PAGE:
I vaguely remember this warm afternoon back in the late nineties. My Kung Fu instructor had taken all his students to the local track, in order to do a Cooper test. I was in the first bunch of students to complete their 12 minutes of running, and I was standing aside and recovering while the second group performed the test. Maria was running with the second group - she was in her early thirties, and I guess she thought that training in Kung Fu fitted well with her alternative, slightly new-agey lifestyle. I remember she had a sunny disposition and was almost always smiling, but as she was walking towards the rest of us after the end of the test, all I could see in her face was discomfort and frustration.
"Hey, what's with you?", I asked her as she was approaching.
"Well, you know what?", she replied. "I never had the slightest pain in my body... until I started training".
I didn't pay much attention to what she said, I just found it rather funny - I mean, who would take up any kind of training in order to accumulate pain in their body? Still, as my Kung Fu years went by and both the volume and the intensity of my training escalated, as I gradually shifted my focus towards san shou competition, something strange started happening to my body. In the very beginning it was dull pain in both my knees, which was dismissed as "adaptation discomfort", and went away after a few sessions of acupuncture. Later, I started feeling some generalized soreness in my whole body after intense san shou sessions, and it did not go away until my warm-up for the next training session. At some point, I had to take almost a month off training because of a sharp pain in my right shoulder (which later developed into a nasty supraspinatus tendonitis that bothers me until today). The next body part to give way was my lower back: two, maybe three times a year, the muscles in my left lower back went into spasm, and I had to stay away from both training and my job for days at a time. In late 1999, while preparing for the 5th World Wushu Championships, I trained six hours a day, six days a week and at the same time, devoted a minimum of eight hours a day to my job. My body was constantly complaining and I had trouble sleeping at night due to numerous pains. I talked to my instructor about this and his reply was that "my problem was fear, not injury" (or something just as stupid and ignorant), so I kept on training - I wasn't going to cave in to fear, right? Of course, in order to keep going, I had to take lots of pain killers and muscle relaxants. In the end, I was unable to peak my training for the championships, but I travelled to Hong Kong anyway and lost in my first bout. Six months later, in the Wushu nationals, I managed to win two fights, but in the third one, for the gold medal, I had to quit after two rounds. It was impossible to continue fighting, because I could barely stand upright - the pain in my lower back was excruciating and my left leg was numb from the buttock down to the toes. A few weeks later, an MRI scan revealed a L5-S1 hernia and degeneration of disk in my spine. Although my doctor (an orthopedic surgeon) told me that I would never be able to train again unless I had the hernia surgically removed, I ignored him and managed to make a come-back after three weeks of rest, another few sessions of acupuncture and some dead-lifting (no, seriously). A year later, I partially tore the meniscus in my right knee, and as I was pretty close to the age of 35 (which is the age limit for the International Wushu Federation san shou competitions), I decided to call it quits - something which gradually led me away from the Chinese martial arts altogether.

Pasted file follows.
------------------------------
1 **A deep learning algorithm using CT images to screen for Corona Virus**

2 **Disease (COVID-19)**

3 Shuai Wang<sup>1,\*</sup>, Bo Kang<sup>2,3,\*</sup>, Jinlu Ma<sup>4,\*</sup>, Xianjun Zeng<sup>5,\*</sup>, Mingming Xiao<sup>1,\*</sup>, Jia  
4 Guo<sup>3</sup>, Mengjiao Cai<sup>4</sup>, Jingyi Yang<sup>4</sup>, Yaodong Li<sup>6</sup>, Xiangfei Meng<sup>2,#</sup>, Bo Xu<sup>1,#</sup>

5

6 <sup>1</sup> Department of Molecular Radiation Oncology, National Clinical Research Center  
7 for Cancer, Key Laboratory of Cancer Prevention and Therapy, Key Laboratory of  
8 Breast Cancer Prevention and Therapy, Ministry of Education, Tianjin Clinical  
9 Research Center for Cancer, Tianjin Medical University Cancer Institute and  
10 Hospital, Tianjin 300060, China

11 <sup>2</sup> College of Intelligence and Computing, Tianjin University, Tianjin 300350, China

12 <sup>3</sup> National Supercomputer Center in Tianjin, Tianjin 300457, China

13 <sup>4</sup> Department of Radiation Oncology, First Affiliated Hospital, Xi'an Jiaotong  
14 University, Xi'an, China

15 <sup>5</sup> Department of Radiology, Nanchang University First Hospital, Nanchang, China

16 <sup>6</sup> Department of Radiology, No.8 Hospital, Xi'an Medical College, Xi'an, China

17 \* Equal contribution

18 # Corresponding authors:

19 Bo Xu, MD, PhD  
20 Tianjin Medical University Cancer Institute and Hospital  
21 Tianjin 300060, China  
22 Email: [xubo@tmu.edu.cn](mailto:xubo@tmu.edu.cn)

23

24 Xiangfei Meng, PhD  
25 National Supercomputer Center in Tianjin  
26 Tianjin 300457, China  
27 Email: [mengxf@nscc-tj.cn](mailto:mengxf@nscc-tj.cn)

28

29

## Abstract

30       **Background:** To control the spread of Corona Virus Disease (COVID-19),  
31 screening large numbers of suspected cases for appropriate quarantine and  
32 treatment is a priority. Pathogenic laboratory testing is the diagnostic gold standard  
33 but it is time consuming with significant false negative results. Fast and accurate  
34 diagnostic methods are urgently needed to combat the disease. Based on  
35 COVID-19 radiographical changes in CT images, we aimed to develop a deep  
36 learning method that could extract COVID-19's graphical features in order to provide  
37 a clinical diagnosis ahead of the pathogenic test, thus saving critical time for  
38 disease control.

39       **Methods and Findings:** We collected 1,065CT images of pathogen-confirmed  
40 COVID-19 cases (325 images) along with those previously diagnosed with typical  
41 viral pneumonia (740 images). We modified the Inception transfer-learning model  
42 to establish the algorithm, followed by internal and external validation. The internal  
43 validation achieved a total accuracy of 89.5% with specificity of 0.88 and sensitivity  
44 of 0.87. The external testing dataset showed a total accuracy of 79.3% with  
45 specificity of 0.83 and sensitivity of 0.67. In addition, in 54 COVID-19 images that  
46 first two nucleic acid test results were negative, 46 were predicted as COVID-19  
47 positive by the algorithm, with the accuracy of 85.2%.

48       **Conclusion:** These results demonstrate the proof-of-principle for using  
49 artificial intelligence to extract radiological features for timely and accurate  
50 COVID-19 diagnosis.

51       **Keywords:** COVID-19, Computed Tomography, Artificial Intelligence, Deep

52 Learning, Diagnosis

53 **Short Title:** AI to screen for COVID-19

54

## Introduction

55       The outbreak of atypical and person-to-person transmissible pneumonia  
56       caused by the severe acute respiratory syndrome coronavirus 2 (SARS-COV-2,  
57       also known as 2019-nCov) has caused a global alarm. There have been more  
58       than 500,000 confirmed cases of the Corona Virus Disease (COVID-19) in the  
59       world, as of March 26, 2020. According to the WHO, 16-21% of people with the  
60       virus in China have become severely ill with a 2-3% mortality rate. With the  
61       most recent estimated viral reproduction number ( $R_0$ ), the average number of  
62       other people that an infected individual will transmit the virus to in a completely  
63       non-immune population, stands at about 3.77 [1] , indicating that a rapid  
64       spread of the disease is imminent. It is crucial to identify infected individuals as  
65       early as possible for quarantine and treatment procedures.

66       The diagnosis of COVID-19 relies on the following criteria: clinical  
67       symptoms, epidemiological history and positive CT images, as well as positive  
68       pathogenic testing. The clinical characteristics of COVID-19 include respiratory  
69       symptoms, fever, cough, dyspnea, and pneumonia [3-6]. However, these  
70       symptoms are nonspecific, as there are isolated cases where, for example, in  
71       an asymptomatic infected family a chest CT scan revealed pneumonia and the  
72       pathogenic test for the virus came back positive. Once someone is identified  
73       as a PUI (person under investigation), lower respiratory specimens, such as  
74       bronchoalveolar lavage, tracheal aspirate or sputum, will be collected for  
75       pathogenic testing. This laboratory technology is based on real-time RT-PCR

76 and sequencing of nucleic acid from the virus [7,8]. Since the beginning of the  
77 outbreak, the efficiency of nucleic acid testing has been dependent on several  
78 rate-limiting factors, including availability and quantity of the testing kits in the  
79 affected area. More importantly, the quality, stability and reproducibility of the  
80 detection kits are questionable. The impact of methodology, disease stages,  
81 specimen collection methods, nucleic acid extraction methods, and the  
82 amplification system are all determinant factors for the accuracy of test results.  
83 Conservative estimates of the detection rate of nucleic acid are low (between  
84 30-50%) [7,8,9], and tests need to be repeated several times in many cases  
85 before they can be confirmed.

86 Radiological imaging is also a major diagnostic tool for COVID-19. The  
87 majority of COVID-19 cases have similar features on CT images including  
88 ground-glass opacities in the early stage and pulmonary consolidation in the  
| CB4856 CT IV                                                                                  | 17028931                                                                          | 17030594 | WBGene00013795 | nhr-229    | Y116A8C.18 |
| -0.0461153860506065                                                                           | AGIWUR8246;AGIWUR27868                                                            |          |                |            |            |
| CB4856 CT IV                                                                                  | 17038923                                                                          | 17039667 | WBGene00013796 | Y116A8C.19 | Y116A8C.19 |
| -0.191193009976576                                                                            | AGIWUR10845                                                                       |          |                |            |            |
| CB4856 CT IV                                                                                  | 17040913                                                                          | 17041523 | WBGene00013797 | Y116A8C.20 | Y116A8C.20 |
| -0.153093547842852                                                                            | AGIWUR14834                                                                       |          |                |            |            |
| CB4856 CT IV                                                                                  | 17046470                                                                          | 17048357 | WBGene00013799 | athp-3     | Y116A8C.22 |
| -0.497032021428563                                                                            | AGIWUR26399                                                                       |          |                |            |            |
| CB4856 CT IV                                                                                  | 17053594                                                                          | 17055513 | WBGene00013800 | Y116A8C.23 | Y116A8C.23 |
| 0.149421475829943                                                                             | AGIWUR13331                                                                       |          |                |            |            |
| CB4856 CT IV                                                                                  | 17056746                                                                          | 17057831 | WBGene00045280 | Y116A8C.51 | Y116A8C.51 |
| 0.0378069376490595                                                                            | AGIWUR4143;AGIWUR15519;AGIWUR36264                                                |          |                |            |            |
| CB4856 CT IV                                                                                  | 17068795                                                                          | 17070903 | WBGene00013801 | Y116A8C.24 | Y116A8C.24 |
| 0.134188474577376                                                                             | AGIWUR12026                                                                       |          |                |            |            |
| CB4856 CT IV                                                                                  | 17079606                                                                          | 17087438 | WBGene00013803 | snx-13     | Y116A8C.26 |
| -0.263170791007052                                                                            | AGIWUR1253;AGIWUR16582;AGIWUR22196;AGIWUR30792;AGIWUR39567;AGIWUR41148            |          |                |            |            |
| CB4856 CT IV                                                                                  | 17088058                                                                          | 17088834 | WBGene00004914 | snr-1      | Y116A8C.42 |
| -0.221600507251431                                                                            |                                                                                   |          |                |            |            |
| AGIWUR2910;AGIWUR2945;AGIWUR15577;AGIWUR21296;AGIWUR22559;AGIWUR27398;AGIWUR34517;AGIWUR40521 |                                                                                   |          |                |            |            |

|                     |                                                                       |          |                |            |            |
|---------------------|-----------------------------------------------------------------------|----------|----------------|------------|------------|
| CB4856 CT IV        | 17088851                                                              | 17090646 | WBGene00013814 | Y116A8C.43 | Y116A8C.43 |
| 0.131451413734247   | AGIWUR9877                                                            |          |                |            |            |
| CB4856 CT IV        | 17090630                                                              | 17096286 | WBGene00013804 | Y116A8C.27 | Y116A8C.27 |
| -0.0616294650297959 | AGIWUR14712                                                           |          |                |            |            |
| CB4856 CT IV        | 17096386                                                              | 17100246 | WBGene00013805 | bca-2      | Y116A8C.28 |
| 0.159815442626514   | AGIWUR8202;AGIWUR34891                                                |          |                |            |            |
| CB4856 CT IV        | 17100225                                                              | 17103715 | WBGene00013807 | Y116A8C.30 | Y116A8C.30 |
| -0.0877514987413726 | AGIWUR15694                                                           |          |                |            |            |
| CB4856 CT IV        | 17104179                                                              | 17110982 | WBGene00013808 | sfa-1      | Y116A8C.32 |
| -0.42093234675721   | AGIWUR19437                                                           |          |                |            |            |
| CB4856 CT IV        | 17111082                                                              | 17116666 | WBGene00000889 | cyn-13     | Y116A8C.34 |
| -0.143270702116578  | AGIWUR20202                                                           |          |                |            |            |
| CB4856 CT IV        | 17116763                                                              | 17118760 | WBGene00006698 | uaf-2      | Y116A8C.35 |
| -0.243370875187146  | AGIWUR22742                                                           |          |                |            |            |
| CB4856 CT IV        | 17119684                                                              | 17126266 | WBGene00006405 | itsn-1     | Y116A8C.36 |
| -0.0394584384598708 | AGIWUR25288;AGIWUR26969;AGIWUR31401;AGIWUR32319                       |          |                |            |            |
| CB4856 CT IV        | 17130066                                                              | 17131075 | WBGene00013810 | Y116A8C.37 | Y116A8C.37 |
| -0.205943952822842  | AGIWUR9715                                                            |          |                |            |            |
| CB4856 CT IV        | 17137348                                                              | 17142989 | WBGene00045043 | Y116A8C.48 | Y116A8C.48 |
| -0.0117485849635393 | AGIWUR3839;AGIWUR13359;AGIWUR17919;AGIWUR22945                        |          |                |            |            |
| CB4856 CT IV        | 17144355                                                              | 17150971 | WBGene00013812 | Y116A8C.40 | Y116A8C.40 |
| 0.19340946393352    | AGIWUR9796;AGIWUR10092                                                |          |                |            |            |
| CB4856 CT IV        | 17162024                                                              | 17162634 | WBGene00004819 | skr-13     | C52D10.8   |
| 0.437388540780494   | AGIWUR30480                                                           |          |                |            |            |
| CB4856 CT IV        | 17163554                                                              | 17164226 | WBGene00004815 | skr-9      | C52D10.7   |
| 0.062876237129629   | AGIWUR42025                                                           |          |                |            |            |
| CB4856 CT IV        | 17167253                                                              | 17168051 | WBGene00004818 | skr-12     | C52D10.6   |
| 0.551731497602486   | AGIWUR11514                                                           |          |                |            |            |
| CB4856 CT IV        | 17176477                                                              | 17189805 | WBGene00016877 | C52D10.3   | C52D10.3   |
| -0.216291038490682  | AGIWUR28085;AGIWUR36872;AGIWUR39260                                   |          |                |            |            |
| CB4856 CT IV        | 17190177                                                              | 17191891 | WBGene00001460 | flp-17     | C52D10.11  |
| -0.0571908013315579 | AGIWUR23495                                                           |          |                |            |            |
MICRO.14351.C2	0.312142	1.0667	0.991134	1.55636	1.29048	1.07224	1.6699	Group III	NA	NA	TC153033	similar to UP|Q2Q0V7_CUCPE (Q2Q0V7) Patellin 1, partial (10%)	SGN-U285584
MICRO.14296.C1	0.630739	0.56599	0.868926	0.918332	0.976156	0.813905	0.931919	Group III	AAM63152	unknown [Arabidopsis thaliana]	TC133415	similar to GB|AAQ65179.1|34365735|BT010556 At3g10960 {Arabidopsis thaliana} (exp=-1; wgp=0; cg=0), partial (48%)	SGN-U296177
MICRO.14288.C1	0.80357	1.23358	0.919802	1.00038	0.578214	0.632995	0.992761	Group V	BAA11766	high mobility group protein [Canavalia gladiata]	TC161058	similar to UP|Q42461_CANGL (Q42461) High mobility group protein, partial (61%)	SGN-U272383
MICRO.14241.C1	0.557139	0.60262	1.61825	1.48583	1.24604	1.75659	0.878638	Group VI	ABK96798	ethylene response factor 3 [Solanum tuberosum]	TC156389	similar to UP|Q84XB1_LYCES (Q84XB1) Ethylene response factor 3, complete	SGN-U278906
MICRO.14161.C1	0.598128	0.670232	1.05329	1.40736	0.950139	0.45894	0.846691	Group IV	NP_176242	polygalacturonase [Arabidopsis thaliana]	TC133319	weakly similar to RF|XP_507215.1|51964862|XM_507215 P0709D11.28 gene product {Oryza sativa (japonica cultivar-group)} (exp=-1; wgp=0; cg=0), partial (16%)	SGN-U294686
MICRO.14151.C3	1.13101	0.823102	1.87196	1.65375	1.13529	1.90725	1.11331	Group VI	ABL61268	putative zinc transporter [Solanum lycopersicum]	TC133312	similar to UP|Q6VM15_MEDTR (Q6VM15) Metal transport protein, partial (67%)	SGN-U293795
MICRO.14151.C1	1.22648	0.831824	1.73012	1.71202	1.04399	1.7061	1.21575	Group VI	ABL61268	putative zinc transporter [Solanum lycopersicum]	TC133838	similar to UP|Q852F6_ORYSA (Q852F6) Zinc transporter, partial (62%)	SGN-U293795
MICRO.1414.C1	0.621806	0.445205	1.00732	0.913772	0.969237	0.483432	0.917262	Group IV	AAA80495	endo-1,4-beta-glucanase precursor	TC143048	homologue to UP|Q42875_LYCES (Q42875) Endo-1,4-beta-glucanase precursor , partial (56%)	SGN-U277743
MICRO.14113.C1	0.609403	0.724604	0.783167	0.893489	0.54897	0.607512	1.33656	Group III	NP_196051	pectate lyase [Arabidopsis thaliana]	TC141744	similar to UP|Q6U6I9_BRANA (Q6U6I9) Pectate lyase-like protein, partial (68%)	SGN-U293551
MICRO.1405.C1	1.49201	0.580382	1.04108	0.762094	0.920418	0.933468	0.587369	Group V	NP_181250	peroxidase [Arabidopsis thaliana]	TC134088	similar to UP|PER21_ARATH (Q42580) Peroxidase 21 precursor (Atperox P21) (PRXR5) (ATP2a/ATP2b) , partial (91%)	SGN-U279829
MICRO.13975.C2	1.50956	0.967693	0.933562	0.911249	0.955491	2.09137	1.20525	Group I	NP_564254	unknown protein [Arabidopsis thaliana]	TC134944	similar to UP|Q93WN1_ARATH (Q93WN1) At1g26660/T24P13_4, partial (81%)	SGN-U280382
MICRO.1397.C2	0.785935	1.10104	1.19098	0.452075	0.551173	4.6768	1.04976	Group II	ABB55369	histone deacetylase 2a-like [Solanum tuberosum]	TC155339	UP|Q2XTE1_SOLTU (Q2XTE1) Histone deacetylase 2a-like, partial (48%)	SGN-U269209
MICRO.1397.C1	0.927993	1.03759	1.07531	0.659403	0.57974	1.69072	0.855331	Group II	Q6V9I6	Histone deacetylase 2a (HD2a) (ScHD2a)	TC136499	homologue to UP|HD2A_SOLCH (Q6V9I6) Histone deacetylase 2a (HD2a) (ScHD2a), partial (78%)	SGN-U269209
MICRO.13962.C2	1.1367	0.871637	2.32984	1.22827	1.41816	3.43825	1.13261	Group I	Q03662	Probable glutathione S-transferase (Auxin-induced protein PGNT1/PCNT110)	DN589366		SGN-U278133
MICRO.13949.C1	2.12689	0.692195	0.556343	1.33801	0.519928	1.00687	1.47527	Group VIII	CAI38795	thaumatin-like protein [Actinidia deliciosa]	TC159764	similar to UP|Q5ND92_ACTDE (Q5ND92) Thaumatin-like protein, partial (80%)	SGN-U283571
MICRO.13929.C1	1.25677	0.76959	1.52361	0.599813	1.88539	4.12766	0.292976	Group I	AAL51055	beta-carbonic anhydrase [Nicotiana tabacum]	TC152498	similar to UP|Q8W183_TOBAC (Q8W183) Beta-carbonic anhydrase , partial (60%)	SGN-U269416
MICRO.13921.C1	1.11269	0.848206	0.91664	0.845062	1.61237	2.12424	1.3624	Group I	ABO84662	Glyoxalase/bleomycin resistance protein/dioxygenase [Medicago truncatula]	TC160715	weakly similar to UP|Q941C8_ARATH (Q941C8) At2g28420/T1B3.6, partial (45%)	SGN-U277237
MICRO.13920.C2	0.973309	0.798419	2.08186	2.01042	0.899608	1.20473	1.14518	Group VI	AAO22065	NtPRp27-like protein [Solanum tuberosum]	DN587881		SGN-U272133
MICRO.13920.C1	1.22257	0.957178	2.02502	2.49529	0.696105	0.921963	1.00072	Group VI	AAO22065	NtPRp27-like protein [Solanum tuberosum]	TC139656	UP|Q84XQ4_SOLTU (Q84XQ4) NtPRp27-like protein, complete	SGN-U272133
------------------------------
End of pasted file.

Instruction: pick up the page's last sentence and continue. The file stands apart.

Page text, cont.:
While it is relatively easy to describe the injuries, it is hardly possible to convey through writing all the pain, the frustration and the anguish I felt back then. After all, I was supposed to be a talented athlete! Why was this happening to me? Well, the thing is that my body was trying to tell me something by breaking down, and I was just not listening. In the next years (as I grew older and, presumably, wiser) I decided to pay more attention to what my body was trying to tell, and I also tired to learn as much about the human body as I could. So, what I know today and did not back then, is that I started my training for san shou competition being slightly scoliotic towards the right side, so my right shoulder was slightly protracted and internally rotated (does this spell supraspinatus tendonitis, or what?). I was also slightly knock-kneed, and my feet were slightly everted in a normal standing position. I emphasize that all these problems were slight. They could not be detected, if one did not know what to look for, and it seems no one did. The orthopedic surgeon I mentioned above later told me that they were all deviations from the ideal, but still, well within what is considered to be normal. Oh, and one more thing: my squatting technique was very bad, but nobody seemed to know what to do about it. In any case, it seems that there was no particular reason (at least in the beginning) to suspect problems in my motor control, since I could easily perform all the skills related to my sport.